Tom McKenna said...

Fair enough... having grown up in NYC and even lived a year in the Bronx (God help me) I would believe almost anything bad about the place. I do know the cronyism with judges is horrific, unlike in Virginia where judges are appointed by the General Assembly-- still political, but not as directly slimy as having judges openly running for office.

Anonymous said...

In my part of Florida the PD's are assigned to a particular courtroom for all day, everyday. Because all dockets are cattle called for the same time and it is a first come first served, sign up situation, the private lawyers have to be in 3 places at once. It is as Tom said, no disrespect intended.

Bill said...

Retained counsel also charge by the hour, in many instances, which would mean that disposing of their matters first would be a kindness to the pocketbooks of those defendants.

But I think you are right about the real reason-- in any county I have appeared in the home team always has the edge, and that always means the guys who are on the fund raising committees.

Anonymous said...

As a PD, I don't mind being at the end of the docket when the courtroom is empty. There are times when both the judge and prosecutor will be much more lenient in sentencing or plea agreements, knowing that the court will be empty when they are entered.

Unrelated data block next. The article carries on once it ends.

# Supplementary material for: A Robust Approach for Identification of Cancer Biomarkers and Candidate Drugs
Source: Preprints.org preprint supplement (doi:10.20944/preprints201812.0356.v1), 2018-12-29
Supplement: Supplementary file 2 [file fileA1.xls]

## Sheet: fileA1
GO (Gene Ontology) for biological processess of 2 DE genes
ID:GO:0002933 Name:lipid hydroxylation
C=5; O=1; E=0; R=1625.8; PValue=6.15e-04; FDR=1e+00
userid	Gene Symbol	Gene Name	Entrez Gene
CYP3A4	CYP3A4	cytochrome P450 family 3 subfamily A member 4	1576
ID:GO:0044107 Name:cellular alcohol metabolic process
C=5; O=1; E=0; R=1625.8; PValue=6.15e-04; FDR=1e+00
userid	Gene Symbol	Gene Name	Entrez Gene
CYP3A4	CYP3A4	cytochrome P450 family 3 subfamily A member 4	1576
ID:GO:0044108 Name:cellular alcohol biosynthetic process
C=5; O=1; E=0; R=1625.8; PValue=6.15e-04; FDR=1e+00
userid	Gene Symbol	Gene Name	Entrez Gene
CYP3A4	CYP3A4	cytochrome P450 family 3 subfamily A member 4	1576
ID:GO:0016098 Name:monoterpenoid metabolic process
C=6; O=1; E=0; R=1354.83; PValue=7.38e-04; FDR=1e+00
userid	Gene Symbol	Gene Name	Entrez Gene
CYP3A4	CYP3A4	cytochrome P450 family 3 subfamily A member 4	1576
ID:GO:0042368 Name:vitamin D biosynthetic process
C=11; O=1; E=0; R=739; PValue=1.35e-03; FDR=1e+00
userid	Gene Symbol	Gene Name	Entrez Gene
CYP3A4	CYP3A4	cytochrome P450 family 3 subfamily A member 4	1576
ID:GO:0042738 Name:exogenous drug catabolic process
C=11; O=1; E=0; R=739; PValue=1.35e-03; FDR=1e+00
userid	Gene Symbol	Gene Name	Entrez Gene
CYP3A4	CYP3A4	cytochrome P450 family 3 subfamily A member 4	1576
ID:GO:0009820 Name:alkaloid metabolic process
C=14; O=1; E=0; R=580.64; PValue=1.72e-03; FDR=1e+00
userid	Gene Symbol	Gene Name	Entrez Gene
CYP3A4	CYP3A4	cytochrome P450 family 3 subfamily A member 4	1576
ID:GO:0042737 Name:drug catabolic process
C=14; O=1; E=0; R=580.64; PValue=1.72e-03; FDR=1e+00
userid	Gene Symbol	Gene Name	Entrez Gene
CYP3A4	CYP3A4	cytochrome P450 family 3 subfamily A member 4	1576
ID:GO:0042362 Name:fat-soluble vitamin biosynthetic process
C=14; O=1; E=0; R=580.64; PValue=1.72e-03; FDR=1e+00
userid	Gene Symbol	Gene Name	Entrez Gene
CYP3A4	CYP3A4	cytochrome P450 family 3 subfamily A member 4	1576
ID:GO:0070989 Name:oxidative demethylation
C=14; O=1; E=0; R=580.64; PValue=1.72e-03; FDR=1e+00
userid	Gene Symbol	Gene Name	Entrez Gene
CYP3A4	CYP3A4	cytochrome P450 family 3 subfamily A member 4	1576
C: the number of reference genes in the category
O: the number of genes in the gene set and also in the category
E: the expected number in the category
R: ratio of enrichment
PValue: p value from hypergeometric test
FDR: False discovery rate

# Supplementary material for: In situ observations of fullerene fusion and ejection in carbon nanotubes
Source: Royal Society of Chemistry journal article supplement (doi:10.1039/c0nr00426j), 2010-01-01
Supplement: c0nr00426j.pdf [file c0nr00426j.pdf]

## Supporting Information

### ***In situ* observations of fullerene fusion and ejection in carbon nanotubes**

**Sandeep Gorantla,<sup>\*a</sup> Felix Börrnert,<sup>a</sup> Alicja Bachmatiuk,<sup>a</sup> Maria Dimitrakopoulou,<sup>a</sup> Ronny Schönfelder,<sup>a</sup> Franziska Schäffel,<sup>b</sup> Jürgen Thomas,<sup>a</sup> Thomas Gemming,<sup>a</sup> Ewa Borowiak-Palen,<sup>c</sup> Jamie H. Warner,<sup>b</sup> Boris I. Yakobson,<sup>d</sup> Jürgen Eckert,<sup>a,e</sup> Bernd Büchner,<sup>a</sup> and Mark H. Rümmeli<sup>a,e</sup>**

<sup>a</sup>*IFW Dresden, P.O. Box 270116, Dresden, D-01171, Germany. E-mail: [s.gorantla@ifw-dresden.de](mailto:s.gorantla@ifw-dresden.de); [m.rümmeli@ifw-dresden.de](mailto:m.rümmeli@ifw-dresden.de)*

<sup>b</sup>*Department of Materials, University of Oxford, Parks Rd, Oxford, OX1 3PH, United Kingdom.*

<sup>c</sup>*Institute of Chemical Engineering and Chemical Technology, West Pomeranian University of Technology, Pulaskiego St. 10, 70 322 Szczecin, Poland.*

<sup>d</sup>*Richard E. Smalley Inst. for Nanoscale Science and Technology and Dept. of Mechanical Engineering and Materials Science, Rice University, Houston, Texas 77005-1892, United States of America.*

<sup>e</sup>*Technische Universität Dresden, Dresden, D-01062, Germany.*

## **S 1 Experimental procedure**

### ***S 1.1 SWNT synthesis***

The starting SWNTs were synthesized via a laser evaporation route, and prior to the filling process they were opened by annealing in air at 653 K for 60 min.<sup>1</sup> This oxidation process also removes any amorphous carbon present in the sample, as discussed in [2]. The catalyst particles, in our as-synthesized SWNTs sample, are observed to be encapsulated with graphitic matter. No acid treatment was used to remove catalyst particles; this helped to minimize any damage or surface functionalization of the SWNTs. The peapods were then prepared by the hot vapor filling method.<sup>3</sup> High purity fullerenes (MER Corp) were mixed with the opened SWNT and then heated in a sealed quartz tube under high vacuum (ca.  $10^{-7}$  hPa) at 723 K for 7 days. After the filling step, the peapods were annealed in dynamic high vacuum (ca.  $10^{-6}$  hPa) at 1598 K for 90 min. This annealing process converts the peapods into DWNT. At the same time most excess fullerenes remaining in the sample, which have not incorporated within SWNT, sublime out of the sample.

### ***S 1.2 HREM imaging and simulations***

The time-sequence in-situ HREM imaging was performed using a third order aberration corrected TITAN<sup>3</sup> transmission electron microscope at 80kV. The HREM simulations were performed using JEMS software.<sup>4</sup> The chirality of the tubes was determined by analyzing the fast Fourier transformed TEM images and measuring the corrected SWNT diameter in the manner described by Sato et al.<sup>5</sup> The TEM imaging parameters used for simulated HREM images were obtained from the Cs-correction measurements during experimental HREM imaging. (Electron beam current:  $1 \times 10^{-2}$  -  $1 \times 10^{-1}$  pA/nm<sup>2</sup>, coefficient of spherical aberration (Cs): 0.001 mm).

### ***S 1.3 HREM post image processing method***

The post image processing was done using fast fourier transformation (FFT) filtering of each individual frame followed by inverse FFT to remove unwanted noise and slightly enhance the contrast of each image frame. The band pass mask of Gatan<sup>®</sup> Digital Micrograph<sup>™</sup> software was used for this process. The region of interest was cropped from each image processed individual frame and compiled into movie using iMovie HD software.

Anonymous said...

I agree with anon above, there are serious advantages of going late. I am a PD in the northeast. I am primarily assigned to one court room but might have to hit 4-6 for cattle calls.

Private bar first, in practice means I get to come in late for most judges who understand I understand the system, it means I check in and leave and go get coffee and croissants with the other PDS and
senior prosecutors, it means also, if I haven't had the ability to meet with the client (meet and greet at arraignment still happens here as sometime you are sometimes assigned the file in the morning of the case). I know PD's who, understanding the system have formally worked out 11 am show-up times with the judges and the boss thinks they are there at normal cattle call time.

Finally, at least here, private bar has to "earn" their way up to the front of the line, attorneys under 40 generally go after the PDs.

That Lawyer Dude said...

In my main juridiction (the same one your collegue Ms. Steinberg practiced in), we had Legal aid parts and non legal aid parts. In the LAS part we would come in for the roll call then go and meet with clients while private counsel would conference their cases. In the afternoon we would go to the non LAS part and have first crack. I liked going last and working in an empty courtroom. I think the only time money or political clout comes into it is in deciding which private lawyer is going to go before the other. LAS and their clients status isn't in my opinion even considered. As I practice in both NY (including the Bronx) and LI I can tell you there is a big difference David between having to be in 8 different parts of the same complex and 3 different parts of courts in 2 or three different counties.